Mosaic agriculture in the north

Host: Northern Beef Future
Written by Tim Wiley – Mosaic Agriculture Development Officer, DAFWA.

2.1 copyA shower of rain brings welcome relief from the January heat while seeding trials at Kilto.

Hi, I am Tim Wiley, the Mosaic Agriculture Development Officer for the Department of Agriculture and Food’s (DAFWA) Northern Beef Futures (NBF) project based in Broome. I guess you are wondering what is mosaic agriculture? Well mosaic agriculture is based on improved rain-fed forage systems and irrigation precincts. The name refers to the pattern that is made when irrigated pastures are integrated into a system with dry-land (cleared) pastures – so it looks like a mosaic of different colours!

We are determining the production potential and feed quality of a range of pasture, fodder, and crop options for both irrigated and dry-land mosaic agriculture. We do this through a number of species trials, agronomy trials, and weed risk assessment trials at various sites throughout the Kimberley and Pilbara. 

2.2 copyDAFWA’s Northern Beef Futures Research Officer Geoff Moore.

Species trials, as the name suggests, is testing species identified as potential pasture options for Northern pastoral properties to assess how well they will perform in our environment.

2.3 copyDAFWA’s NBF Mosaic Ag staff prepare the trial site at Kilto Station, Broome WA.

We have set up trial sites at various locations throughout the Kimberley and Pilbara including Gogo at Fitzroy Crossing, Kilto, and Wallal. This means that data is collected from a variety of soil types and climatic conditions and it also means a lot of kilometres for the team! A round trip from the office to each of the trial sites covers a whopping 2500km!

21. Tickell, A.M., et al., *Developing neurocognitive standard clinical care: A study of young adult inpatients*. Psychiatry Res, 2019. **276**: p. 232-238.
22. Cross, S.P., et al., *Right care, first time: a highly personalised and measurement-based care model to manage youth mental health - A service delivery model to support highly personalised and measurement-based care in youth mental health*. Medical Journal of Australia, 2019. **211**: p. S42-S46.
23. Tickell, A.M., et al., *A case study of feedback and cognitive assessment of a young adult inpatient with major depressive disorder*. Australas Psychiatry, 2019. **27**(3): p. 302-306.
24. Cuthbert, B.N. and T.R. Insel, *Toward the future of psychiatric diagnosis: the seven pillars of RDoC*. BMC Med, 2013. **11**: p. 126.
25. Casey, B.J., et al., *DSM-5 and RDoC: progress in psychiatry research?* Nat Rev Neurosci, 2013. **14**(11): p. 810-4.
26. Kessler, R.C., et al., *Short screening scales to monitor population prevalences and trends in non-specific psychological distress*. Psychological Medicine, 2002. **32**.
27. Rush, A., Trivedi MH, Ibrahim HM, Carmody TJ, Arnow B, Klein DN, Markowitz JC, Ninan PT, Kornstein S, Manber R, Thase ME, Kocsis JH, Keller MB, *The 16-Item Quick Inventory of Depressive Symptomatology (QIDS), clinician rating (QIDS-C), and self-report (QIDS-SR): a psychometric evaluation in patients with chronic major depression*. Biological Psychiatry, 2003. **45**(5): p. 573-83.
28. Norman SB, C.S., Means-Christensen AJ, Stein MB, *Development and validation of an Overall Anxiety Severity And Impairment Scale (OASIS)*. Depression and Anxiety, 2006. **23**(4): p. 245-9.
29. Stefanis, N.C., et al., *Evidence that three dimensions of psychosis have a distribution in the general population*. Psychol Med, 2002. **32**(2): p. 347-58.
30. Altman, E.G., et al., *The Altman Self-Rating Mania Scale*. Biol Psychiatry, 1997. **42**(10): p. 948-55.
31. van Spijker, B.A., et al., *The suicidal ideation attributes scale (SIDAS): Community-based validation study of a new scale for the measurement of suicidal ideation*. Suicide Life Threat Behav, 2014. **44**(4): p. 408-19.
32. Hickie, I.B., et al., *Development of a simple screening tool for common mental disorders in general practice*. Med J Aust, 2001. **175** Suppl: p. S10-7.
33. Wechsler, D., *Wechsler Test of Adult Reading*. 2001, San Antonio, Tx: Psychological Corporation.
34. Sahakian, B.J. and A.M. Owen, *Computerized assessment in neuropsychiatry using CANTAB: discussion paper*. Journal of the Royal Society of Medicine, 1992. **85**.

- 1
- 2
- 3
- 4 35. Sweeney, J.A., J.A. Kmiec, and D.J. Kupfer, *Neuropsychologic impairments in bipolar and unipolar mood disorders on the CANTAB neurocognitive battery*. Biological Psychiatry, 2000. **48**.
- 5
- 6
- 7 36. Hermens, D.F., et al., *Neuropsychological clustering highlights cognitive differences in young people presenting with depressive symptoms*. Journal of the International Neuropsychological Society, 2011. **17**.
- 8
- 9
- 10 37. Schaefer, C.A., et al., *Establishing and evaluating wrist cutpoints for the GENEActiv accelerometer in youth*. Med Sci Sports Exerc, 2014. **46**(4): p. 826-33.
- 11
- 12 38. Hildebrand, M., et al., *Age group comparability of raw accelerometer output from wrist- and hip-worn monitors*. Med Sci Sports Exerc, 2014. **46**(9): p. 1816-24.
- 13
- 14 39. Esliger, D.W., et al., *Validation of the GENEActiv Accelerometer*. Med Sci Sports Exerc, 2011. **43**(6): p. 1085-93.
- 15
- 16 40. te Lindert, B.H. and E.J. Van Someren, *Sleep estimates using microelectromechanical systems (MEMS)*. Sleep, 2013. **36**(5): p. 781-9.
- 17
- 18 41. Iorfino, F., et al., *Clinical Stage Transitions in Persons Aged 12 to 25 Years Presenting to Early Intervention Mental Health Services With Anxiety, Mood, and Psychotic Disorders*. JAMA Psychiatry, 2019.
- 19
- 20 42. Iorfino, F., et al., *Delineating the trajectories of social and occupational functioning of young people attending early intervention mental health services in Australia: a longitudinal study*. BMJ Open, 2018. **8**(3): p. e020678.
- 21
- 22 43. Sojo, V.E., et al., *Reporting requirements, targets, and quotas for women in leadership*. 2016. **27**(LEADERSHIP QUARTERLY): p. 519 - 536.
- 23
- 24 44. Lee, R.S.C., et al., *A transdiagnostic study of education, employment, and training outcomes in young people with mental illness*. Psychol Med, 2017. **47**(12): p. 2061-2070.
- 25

I am fortunate to work with well-known pasture scientists Clinton Revell and Geoff Moore as my colleagues, who have vast experience working with pasture species for Western Australian agricultural systems. Clinton, Geoff, and I can regularly be spotted toiling away in one of the trial sites with any willing participant who volunteers their time. From the black soils of GoGo to the back blocks, we are not afraid of rolling up our sleeves and sweating it out all in the name of research.

2.4 copyA cone seeder is used to plant trial plots at the Kilto trial site.

The vast majority of the land used for beef production in northern Western Australian is under pastoral lease. These pastoral stations are required to obtain a permit from the Pastoral Lands Board (PLB) to grow plant species which are not indigenous to WA. This is to minimize the risk that introduced pasture, fodder, and crop plants have unwanted or adverse effects on the natural environment. However there is a lack of local data, so we have established a network of field nursery trials in key environments to assess just this – whether a wide range of grasses and legumes will persist and/or spread in that environment, hence we call them our ‘weed risk trials’. These trials will provide the local data to calibrate the weed risk assessment system, so that decision makers are better informed on the potential risk of growing a species in a given environment.

2.5 copyDAFWA NBF mosaic staff use the cone seeder to plant species trials at Kilto Station in the Kimberley.

We are conducting our NBF mosaic agriculture pasture trials to determine if irrigation has the potential to provide a ready supply of feed for cattle on pastoral stations to assist in producing beef and cattle that suit market specifications, meeting market demand.

Stay tuned for tomorrow’s blog where you will be able to read about a totally different aspect of DAFWA’s Northern Beef Futures project’s work, but in the meantime if you would like to read more visit our webpage on the DAFWA website.

DAFWA’s Northern Beef Futures project is funded by the State Government’s Royalties for Regions program.

2.6 copyDAFWA’s NBF trial plot at Wallal showing species trials under irrigation.